Three White House secretaries led by US Secretary of State John Kerry have attended a second congressional hearing to seek support for the nuclear deal with Iran.
Kerry argued against assertions that Iran could develop an atomic bomb once sanctions are lifted, and said “if we walk away [from the deal], we walk away alone. Our partners are not going to be with us. Instead, they will walk away from the tough multilateral sanctions that brought Iran to the table to begin with. Instead, we will have squandered the best chance we have to solve the problem through peaceful means.”
A total of 535 members of the House of Representatives and one hundred senators will vote on the Iran nuclear deal in September.
— John Kerry (@JohnKerry) July 23, 2015
Countering Kerry’s arguments, Representative Ed Royce stressed Iran’s history with international deals and said "Iran has cheated on every agreement they've signed."
“So I ask, Mr. Secretary, has Iran earned the right to be trusted?” Royce asked Kerry when he spoke with Energy Secretary Ernest Moniz and Treasury Secretary Jack Lew on the details of Vienna deal.
Kerry answered that development of nuclear weapons by Iran has been “permanently banned,” and that the United States will guarantee peace after the deal.
Kerry told Congress that “nothing in this deal is built on trust,” in attempts to allay concerns over the possibility of Iran reneging on the agreement.
Another voice of opposition, Representative Scott Perry, criticised Kerry’s support for the Iran nuclear deal and accused Kerry of not representing the United States but the interests of the United Nations.
In response Kerry said “congressman, I don't need any lessons from you about who I represent. I've represented and fought for our country since I was out of college. Don't give me any lessons about that, OK? Now, let me just make it crystal clear to you. This is in America's interest, because America is the principal guarantor of security in the region and particularly with respect to some of our closest friends."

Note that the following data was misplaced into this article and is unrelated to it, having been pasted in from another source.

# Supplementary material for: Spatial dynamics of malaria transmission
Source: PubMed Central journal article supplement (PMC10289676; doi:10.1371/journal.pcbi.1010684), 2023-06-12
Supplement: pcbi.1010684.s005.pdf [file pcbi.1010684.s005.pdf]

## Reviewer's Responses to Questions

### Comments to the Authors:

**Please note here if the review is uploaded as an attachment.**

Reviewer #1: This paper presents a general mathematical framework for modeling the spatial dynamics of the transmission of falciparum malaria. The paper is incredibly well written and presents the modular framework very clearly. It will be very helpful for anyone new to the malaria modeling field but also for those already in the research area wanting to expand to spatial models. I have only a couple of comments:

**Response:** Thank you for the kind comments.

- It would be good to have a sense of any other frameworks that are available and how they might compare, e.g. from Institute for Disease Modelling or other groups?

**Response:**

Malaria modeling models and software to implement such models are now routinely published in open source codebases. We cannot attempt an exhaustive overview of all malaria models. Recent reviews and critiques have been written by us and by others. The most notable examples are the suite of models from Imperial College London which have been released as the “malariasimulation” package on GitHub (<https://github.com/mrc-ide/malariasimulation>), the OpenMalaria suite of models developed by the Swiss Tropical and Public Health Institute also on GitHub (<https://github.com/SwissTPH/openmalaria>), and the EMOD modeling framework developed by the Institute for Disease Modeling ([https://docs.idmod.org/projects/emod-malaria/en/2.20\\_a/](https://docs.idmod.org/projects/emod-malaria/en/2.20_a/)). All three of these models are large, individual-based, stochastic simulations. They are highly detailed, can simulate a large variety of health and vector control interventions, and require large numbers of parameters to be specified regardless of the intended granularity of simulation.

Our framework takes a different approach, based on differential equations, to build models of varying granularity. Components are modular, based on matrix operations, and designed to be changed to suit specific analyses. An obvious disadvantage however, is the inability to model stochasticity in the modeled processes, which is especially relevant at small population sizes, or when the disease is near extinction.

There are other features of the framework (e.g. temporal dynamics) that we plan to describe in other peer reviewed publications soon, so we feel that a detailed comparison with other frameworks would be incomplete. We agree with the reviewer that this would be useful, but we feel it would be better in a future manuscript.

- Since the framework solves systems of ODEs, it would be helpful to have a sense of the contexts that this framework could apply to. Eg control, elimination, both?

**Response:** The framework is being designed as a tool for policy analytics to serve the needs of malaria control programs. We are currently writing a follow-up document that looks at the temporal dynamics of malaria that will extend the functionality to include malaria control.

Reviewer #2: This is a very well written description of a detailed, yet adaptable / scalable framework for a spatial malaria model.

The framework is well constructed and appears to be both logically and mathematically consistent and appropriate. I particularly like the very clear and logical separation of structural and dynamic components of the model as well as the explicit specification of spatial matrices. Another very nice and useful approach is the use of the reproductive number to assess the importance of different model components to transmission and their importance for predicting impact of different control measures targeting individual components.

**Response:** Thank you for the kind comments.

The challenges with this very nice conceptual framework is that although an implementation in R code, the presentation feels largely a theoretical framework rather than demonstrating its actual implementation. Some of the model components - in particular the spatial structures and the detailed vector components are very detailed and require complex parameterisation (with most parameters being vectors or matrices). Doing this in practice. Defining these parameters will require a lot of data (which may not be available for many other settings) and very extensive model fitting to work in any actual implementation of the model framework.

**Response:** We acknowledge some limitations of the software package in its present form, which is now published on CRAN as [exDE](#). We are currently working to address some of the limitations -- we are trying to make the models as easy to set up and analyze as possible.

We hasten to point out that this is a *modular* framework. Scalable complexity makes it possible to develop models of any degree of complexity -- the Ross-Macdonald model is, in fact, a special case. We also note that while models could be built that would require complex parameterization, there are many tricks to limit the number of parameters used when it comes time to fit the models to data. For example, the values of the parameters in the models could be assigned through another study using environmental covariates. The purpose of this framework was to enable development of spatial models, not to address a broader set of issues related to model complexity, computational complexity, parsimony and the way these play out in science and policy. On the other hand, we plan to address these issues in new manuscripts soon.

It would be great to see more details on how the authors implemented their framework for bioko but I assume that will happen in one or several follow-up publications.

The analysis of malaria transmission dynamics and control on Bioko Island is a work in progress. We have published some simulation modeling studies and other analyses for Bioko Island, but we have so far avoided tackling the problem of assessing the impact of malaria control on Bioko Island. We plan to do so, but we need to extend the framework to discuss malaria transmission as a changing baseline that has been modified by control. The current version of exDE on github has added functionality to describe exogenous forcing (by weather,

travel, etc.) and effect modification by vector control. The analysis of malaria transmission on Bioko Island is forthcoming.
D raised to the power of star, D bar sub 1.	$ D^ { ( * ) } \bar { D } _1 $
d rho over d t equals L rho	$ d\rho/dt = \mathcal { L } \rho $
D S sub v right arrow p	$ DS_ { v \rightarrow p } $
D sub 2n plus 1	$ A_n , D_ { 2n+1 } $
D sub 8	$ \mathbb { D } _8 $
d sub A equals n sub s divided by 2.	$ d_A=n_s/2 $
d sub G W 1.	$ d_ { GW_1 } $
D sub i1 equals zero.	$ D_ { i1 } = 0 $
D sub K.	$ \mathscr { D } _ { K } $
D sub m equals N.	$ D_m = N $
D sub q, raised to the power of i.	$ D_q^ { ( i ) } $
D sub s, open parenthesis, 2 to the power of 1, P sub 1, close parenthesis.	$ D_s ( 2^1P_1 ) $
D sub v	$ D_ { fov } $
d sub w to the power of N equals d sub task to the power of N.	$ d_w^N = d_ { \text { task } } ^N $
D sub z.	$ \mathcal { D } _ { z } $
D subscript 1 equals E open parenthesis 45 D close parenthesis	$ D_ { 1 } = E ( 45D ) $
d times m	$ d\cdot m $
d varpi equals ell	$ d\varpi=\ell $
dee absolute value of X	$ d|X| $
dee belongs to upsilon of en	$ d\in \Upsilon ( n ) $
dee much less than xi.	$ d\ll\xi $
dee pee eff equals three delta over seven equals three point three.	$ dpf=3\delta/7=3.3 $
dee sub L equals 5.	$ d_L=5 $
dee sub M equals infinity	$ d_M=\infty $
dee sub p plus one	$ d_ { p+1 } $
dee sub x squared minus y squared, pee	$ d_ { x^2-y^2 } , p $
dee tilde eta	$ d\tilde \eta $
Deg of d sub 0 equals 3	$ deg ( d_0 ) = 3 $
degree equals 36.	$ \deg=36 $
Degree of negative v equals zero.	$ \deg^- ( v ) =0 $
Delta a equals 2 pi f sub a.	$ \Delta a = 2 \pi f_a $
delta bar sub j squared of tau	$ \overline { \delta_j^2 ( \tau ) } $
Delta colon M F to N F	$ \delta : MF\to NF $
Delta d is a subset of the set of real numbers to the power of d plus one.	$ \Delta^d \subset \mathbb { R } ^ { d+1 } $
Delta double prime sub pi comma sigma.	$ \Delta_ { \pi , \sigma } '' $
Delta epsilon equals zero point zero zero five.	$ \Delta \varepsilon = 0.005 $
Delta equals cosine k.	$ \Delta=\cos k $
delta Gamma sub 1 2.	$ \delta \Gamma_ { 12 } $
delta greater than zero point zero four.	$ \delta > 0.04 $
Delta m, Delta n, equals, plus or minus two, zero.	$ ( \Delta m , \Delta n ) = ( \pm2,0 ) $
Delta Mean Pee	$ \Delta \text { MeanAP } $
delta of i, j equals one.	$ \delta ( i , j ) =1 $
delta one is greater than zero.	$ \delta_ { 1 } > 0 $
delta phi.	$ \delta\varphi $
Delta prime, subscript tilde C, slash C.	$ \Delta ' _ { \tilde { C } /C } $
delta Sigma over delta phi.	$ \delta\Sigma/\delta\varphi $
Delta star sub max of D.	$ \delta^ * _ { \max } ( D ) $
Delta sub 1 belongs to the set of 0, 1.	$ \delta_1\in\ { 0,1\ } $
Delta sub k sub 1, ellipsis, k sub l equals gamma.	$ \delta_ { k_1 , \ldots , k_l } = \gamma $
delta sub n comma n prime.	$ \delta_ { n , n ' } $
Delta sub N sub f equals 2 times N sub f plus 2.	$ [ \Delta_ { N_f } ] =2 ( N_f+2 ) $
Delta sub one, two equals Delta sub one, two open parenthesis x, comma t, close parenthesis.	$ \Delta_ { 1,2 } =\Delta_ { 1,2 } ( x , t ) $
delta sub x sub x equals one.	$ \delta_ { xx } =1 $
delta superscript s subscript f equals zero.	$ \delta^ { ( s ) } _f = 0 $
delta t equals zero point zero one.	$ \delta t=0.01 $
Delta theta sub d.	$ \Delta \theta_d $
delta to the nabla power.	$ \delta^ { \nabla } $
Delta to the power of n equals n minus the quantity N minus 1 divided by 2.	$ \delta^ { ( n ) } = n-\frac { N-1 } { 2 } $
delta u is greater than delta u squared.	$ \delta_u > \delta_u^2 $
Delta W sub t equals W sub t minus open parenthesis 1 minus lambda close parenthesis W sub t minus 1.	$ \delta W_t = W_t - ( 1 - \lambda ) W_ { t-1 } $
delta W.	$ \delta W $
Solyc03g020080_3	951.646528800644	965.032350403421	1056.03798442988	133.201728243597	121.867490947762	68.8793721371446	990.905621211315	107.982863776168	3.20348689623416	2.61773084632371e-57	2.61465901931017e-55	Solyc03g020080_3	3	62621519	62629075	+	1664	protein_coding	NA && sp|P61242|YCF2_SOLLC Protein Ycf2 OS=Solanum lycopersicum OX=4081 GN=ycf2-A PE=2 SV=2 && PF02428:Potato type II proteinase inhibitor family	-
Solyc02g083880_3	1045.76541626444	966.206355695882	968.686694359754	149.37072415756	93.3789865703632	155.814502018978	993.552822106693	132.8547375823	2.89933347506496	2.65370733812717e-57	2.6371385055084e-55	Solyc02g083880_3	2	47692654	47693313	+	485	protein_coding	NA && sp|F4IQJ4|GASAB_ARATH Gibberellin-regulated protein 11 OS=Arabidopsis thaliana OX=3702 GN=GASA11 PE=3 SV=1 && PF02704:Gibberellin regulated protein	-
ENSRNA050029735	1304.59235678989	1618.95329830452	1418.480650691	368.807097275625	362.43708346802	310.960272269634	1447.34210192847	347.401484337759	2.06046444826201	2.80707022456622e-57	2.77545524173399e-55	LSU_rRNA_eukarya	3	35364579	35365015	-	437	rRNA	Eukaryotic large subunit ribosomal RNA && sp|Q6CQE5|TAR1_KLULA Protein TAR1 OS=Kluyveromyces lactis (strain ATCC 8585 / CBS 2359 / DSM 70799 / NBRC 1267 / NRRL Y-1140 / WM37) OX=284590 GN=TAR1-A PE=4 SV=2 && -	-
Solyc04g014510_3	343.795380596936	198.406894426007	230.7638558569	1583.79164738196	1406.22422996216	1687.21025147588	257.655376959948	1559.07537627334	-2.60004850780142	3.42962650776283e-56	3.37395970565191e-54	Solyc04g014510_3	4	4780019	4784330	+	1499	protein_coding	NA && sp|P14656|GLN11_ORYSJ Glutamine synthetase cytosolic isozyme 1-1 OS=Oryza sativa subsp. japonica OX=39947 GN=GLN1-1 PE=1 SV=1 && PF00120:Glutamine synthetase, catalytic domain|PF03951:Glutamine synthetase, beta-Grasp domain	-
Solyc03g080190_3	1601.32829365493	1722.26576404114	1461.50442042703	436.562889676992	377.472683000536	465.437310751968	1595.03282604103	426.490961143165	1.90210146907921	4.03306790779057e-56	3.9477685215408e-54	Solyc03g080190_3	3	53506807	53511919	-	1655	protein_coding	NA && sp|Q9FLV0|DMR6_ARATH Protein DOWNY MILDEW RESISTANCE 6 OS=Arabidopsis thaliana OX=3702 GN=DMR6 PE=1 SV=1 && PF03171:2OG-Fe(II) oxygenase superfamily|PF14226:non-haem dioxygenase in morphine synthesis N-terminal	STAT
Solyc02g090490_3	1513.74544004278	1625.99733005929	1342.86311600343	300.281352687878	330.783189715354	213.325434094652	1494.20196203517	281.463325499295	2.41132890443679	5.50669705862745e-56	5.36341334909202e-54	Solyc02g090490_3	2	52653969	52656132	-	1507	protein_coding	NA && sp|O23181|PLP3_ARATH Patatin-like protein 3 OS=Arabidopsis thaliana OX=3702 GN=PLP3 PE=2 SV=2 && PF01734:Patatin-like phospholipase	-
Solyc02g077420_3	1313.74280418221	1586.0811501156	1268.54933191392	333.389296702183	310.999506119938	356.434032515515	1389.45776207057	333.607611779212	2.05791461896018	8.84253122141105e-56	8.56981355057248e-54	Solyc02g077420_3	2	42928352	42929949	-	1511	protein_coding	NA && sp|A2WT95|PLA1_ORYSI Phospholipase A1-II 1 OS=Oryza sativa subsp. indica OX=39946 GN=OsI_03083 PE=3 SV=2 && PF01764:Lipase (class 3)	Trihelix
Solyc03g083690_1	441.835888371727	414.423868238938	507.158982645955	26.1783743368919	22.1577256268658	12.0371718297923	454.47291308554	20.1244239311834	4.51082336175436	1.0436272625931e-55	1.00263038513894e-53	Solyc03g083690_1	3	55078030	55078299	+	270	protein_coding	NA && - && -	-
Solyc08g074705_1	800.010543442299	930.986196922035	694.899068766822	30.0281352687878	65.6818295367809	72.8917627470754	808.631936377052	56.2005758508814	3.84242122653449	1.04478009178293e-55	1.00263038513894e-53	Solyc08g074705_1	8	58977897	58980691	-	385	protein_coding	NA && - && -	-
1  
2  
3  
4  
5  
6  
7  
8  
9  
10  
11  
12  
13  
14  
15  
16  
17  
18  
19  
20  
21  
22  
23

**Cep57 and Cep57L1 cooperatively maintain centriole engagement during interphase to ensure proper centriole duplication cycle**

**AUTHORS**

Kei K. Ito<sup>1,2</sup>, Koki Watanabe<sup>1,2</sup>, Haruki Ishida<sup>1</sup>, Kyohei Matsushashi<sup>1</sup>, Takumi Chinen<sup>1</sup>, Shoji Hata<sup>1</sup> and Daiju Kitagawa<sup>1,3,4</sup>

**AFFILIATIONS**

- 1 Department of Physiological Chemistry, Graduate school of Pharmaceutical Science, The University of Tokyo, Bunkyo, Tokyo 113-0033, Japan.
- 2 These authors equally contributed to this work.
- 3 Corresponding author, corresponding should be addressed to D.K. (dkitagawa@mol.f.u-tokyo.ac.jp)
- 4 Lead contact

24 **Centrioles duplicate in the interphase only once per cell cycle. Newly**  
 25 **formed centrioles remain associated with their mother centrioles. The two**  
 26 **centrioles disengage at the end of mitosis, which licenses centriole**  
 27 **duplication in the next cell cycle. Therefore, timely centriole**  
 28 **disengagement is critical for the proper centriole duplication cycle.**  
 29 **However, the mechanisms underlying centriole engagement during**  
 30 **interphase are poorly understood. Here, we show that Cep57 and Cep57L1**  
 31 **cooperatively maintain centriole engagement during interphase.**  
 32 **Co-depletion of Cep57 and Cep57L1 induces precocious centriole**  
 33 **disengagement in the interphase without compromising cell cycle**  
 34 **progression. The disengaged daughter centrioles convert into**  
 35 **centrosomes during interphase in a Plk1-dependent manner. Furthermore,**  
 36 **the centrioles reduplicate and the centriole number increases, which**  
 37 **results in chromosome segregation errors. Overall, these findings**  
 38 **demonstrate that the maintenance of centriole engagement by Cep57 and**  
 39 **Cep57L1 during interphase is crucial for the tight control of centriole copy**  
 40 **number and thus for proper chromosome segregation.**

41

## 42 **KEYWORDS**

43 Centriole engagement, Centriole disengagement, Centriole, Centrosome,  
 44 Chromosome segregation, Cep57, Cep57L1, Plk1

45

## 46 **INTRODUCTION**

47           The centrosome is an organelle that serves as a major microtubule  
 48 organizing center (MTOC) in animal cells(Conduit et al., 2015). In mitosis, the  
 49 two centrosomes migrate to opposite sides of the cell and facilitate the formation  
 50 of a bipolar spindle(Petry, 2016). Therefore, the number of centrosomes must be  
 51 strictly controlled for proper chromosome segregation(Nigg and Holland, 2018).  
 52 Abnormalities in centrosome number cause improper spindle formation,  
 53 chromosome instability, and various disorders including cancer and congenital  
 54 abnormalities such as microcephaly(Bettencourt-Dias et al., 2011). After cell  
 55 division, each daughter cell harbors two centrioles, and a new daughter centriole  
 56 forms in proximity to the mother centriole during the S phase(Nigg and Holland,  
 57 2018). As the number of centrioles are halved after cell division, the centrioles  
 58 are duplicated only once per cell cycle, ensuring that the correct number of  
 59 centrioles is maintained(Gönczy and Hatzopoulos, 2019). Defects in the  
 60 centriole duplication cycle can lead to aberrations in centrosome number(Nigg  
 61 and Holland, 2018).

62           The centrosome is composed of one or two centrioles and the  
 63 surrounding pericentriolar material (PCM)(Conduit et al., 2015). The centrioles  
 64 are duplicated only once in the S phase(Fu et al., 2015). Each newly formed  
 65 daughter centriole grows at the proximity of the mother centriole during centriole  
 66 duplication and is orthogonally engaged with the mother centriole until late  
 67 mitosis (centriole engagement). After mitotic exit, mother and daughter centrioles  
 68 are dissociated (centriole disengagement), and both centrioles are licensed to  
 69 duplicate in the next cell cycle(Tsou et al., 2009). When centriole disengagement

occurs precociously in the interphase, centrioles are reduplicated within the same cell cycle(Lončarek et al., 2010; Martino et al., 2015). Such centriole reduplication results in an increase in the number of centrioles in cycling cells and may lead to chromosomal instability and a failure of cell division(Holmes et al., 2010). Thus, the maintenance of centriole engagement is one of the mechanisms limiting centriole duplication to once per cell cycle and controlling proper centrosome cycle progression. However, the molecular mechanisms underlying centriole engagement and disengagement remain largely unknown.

The nuclear deal with Iran which took two years to negotiate between the country and six world powers - the US, the UK, Russia, China, Germany and France - must first be examined by Congress in a 60-day assessment period before it can be passed.
Congress does not have to ratify the deal, but has the power to block it with a resolution of disapproval within the review period.
Obama said he would veto any legislation that would impose new sanctions on Iran or prevent him from suspending existing ones. If things came to that, overriding the president’s veto would require the approval of two-thirds of both the House of Representatives and the Senate.
The deal between Iran and the six world powers is aimed at monitoring Iran's most sensitive nuclear work for over 12 years in exchange for immediate relief for the country from the economic sanctions which have long crippled its economy.